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Volvo stablemate takes early pole position in EV race

Offering an admirable range, with spunky Scandinavian style and an online showroom, Polestar makes a strong case in the electric vehicle market.

POLESTAR 2 The Polestar2 has adopted a sleek and minimalist approach to design and layout.
February 5, 2023
By Peter Atkinson
5 February 2023

When is a Volvo not a Volvo?

When it’s a Polestar.

Confused? Don’t be. Polestar is merely the name used by Volvo, and its Chinese owners, to build a bit of space between the clever Swedish car maker and its electric vehicle offshoot.

It has effectively created a new brand out of bits and pieces left on the Volvo production floor. And the new kid on the block has already created a buzz with its value and performance, so much so that Volvo has a mountain to climb when the two brands clash.

Polestar recently unveiled a second model – imaginatively named the Polestar2 Single Motor, tested here – and Volvo has a long list of electric or electrified models about to hit the market, including two SUVs closely related to this car.

They’re moving quickly because Volvo has promised to have an electric version of every model by 2025. They’ve committed to having a million electric Volvos on the road by that year and at least half of the cars they sell from 2025 onwards will be emissions free.

Polestar is playing an integral role, establishing a basic range and then, when the time is right, rolling out some fancy up-market models, often under a different name (think Toyota and Lexus, Hyundai and Genesis).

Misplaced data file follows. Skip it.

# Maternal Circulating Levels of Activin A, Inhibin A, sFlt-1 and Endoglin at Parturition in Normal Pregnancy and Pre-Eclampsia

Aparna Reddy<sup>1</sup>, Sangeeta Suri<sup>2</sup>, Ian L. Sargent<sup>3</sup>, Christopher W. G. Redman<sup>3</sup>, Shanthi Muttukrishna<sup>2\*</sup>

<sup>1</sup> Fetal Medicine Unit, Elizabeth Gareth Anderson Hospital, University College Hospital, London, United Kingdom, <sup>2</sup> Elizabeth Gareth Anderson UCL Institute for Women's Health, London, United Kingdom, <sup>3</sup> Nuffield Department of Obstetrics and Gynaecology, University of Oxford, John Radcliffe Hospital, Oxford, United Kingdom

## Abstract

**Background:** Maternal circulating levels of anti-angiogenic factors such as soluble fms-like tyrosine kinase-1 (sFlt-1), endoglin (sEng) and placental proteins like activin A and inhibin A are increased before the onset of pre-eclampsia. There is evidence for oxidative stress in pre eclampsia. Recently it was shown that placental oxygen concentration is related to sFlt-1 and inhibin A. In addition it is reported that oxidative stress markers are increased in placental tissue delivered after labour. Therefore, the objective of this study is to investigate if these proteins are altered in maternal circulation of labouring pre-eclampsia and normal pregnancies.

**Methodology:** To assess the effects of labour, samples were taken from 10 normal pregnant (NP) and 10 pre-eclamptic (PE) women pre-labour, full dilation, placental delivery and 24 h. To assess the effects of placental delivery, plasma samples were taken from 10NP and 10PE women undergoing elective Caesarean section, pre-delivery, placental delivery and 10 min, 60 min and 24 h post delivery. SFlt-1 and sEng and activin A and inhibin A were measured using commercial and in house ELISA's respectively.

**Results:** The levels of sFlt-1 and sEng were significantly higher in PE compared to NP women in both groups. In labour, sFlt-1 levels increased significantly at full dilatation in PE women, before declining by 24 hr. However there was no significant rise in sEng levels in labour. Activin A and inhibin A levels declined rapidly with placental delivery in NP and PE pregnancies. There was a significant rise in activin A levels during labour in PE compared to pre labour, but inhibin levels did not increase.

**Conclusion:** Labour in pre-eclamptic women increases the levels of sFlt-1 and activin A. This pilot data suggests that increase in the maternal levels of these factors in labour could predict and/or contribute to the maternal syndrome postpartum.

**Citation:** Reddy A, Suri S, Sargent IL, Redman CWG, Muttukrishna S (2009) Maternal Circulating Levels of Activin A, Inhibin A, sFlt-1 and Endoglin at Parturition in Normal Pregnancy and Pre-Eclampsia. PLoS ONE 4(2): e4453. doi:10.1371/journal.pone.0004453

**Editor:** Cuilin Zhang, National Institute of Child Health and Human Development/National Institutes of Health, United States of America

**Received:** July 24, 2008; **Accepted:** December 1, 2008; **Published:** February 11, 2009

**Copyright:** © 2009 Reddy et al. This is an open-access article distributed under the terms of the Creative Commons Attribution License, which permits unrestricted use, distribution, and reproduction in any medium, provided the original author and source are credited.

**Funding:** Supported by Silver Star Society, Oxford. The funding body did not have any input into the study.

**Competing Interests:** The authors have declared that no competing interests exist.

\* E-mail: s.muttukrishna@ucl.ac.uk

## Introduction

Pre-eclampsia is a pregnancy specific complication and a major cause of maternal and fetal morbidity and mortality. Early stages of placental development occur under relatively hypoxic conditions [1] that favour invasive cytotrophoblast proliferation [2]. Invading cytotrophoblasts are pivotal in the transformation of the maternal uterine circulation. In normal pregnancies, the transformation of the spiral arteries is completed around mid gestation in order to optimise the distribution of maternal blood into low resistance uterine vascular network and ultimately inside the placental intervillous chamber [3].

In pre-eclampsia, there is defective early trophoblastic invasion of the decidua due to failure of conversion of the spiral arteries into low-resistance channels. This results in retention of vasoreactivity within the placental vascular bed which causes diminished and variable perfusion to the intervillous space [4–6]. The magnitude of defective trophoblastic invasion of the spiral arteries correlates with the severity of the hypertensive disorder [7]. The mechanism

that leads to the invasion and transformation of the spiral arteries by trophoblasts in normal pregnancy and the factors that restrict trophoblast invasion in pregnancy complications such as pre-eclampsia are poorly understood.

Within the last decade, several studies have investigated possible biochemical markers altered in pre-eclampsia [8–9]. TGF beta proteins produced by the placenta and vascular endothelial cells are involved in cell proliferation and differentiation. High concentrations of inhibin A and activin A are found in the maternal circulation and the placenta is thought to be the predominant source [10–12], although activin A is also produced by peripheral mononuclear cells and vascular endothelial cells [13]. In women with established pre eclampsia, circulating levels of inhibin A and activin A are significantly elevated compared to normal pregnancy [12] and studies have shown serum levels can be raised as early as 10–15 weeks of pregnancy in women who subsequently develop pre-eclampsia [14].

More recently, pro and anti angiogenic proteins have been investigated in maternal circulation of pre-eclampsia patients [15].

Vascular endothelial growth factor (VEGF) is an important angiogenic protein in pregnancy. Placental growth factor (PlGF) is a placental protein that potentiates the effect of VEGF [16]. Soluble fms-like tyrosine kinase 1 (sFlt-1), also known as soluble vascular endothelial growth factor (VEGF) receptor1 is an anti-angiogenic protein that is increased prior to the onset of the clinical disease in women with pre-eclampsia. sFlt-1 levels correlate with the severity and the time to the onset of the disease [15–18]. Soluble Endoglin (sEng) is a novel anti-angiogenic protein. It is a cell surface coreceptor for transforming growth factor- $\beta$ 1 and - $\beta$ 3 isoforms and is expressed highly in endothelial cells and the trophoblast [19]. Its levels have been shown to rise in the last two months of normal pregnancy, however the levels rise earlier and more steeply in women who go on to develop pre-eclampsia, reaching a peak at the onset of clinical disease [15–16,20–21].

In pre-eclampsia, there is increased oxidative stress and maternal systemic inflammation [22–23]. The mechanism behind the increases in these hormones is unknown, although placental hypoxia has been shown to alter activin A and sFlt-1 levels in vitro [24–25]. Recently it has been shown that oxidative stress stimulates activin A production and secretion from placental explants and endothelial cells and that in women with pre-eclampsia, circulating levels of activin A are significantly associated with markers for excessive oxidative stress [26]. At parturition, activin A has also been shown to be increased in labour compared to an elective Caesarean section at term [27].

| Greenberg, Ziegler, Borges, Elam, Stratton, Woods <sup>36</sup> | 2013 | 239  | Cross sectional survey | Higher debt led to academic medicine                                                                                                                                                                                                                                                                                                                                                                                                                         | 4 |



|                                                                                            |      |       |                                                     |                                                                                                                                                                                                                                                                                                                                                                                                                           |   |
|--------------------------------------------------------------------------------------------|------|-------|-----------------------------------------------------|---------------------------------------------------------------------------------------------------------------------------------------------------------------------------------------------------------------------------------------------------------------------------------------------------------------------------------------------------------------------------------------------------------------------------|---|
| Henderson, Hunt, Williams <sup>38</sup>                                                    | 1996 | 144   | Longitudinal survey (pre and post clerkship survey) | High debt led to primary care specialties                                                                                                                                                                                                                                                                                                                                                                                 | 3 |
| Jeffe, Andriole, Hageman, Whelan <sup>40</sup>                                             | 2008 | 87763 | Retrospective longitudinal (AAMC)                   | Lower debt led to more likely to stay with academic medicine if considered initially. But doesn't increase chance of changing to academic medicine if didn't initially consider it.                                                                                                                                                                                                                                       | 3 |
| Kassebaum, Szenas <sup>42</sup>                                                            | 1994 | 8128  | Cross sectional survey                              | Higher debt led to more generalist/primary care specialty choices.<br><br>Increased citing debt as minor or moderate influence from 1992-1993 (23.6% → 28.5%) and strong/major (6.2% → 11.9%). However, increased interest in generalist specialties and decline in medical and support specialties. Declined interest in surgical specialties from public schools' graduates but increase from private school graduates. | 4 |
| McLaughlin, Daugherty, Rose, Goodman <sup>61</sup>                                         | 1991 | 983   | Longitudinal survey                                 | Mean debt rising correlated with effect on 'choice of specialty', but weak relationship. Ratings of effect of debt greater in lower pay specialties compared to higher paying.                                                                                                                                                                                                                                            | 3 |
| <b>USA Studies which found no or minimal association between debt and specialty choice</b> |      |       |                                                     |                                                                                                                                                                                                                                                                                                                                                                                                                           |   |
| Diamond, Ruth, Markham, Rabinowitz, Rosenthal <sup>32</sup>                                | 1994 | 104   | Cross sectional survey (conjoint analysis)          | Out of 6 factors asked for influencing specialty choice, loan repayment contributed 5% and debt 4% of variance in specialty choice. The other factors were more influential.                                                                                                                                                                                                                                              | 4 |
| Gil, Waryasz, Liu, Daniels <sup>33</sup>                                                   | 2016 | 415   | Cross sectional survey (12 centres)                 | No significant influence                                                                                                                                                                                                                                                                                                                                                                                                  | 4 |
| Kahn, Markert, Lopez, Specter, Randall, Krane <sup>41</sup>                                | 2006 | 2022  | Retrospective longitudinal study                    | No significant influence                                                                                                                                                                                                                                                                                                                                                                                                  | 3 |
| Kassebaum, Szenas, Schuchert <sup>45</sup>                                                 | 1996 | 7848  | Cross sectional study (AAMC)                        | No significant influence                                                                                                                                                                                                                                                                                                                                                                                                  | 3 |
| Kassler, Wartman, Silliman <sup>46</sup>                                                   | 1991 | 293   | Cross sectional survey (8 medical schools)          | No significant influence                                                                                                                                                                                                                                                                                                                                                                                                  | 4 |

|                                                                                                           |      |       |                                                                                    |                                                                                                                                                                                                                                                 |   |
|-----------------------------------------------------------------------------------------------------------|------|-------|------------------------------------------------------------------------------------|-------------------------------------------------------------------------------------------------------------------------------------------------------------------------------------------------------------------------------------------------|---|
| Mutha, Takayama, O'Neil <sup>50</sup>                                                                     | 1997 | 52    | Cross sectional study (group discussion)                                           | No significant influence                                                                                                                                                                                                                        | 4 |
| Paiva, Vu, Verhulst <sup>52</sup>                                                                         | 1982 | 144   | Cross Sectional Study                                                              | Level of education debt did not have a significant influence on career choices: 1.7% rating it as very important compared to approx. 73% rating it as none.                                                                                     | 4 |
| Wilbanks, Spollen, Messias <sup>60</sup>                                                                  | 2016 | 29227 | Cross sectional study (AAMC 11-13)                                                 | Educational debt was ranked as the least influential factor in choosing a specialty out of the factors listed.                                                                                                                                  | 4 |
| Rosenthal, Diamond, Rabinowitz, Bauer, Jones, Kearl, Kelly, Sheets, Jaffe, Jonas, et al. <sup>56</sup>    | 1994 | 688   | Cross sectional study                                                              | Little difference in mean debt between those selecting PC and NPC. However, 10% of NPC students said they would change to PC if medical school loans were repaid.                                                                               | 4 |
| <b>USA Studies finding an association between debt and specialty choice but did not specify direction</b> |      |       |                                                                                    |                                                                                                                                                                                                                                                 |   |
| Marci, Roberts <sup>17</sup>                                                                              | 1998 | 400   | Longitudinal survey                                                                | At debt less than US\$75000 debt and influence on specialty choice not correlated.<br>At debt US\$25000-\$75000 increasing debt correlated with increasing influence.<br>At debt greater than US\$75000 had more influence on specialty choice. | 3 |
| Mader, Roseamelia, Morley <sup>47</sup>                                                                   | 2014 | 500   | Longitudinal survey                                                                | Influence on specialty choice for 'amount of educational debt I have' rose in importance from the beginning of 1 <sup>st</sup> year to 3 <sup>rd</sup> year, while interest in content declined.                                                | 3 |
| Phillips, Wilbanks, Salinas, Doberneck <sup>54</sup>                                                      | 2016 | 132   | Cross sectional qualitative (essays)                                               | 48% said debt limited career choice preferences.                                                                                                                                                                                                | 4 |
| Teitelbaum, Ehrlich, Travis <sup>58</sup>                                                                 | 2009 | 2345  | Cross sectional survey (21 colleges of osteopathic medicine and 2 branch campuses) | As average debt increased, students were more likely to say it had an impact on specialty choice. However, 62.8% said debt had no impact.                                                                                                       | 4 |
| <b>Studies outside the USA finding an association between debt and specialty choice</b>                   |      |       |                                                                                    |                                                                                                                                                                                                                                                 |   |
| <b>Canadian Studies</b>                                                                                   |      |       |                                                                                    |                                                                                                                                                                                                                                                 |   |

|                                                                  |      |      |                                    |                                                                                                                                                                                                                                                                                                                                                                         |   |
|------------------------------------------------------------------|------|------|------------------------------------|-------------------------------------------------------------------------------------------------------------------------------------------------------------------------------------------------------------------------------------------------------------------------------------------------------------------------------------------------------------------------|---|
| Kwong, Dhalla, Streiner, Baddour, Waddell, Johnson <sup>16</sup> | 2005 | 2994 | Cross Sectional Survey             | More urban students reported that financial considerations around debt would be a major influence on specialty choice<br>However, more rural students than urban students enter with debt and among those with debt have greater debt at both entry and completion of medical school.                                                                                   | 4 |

But this time there’s one big difference. Volvo has been around for decades, while the Polestar brand is lesser-known. In fact it was first released as the high-performance brand of Volvo when the company, for some obscure reason, decided it would be good to have Volvos competing in motor racing events such as V8 Supercars.

Yes, even though they don’t actually have a V8 model in their fleet.


Focus on Polestar for a minute.

The brand became part of Volvo in 2015, which in turn became part of Chinese giant Geely in 2010. The first car, the Polestar1, was built in Chengdu, China, in 2019 and only sold roughly 500 per year.

The Polestar2, which arrived in Australia in 2022, has since been joined by the Polestar3 – the brand’s first SUV – and that looks suspiciously like the two Volvo EV models available in Australia.

Drivers who might be unsure about Chinese-built cars need not worry about this one. The precision Swedish design and build quality is evident on the two Polestar2 models.

The Polestar2 Single motor is a pretty good thing, even if it can’t quite match strides with its sharply-performed stablemate.

Both Polestars are seriously impressive to drive – even this “slow” version which isn’t that slow at all.

The most powerful model, with 300kW on tap, will reach the speed limit in 4.7 seconds while the single motor gets there in a modest 7.4 seconds. Most families would find that adequate. Optional long-range batteries promise a range of up to 540km.

But with a single motor and more modest performance, it brings a compelling value equation in a market where most buyers pay a big premium to do their bit for the planet.